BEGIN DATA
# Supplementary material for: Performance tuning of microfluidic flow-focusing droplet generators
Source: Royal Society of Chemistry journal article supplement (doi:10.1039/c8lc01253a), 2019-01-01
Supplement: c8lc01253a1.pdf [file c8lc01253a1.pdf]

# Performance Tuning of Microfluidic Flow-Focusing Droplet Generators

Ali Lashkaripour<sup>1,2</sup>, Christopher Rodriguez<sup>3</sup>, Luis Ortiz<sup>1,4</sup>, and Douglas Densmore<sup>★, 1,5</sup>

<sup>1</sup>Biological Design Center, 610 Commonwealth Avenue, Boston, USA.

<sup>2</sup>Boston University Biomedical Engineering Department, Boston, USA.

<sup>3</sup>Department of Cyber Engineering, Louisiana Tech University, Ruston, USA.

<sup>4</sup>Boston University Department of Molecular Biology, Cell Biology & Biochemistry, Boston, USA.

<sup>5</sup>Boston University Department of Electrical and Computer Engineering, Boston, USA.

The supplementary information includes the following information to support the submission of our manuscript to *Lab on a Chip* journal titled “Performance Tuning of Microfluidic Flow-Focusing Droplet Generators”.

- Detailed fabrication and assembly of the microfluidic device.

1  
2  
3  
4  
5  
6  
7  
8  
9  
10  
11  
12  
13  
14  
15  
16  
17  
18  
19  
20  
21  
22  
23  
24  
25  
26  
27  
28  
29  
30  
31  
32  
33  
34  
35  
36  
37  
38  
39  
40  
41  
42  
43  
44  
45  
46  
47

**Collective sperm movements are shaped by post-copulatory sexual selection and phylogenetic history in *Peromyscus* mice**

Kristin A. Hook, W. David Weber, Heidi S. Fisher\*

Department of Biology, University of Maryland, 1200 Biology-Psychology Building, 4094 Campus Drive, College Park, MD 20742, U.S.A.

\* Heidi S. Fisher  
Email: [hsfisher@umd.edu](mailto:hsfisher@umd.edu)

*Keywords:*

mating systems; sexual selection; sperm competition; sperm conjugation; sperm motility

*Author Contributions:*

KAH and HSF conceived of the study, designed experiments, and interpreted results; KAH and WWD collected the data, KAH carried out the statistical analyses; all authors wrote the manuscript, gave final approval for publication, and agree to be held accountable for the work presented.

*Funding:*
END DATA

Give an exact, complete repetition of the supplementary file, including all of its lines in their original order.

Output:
# Supplementary material for: Performance tuning of microfluidic flow-focusing droplet generators
Source: Royal Society of Chemistry journal article supplement (doi:10.1039/c8lc01253a), 2019-01-01
Supplement: c8lc01253a1.pdf [file c8lc01253a1.pdf]

# Performance Tuning of Microfluidic Flow-Focusing Droplet Generators

Ali Lashkaripour<sup>1,2</sup>, Christopher Rodriguez<sup>3</sup>, Luis Ortiz<sup>1,4</sup>, and Douglas Densmore<sup>★, 1,5</sup>

<sup>1</sup>Biological Design Center, 610 Commonwealth Avenue, Boston, USA.

<sup>2</sup>Boston University Biomedical Engineering Department, Boston, USA.

<sup>3</sup>Department of Cyber Engineering, Louisiana Tech University, Ruston, USA.

<sup>4</sup>Boston University Department of Molecular Biology, Cell Biology & Biochemistry, Boston, USA.

<sup>5</sup>Boston University Department of Electrical and Computer Engineering, Boston, USA.

The supplementary information includes the following information to support the submission of our manuscript to *Lab on a Chip* journal titled “Performance Tuning of Microfluidic Flow-Focusing Droplet Generators”.

- Detailed fabrication and assembly of the microfluidic device.

1  
2  
3  
4  
5  
6  
7  
8  
9  
10  
11  
12  
13  
14  
15  
16  
17  
18  
19  
20  
21  
22  
23  
24  
25  
26  
27  
28  
29  
30  
31  
32  
33  
34  
35  
36  
37  
38  
39  
40  
41  
42  
43  
44  
45  
46  
47

**Collective sperm movements are shaped by post-copulatory sexual selection and phylogenetic history in *Peromyscus* mice**

Kristin A. Hook, W. David Weber, Heidi S. Fisher\*

Department of Biology, University of Maryland, 1200 Biology-Psychology Building, 4094 Campus Drive, College Park, MD 20742, U.S.A.

\* Heidi S. Fisher  
Email: [hsfisher@umd.edu](mailto:hsfisher@umd.edu)

*Keywords:*

mating systems; sexual selection; sperm competition; sperm conjugation; sperm motility

*Author Contributions:*

KAH and HSF conceived of the study, designed experiments, and interpreted results; KAH and WWD collected the data, KAH carried out the statistical analyses; all authors wrote the manuscript, gave final approval for publication, and agree to be held accountable for the work presented.

*Funding:*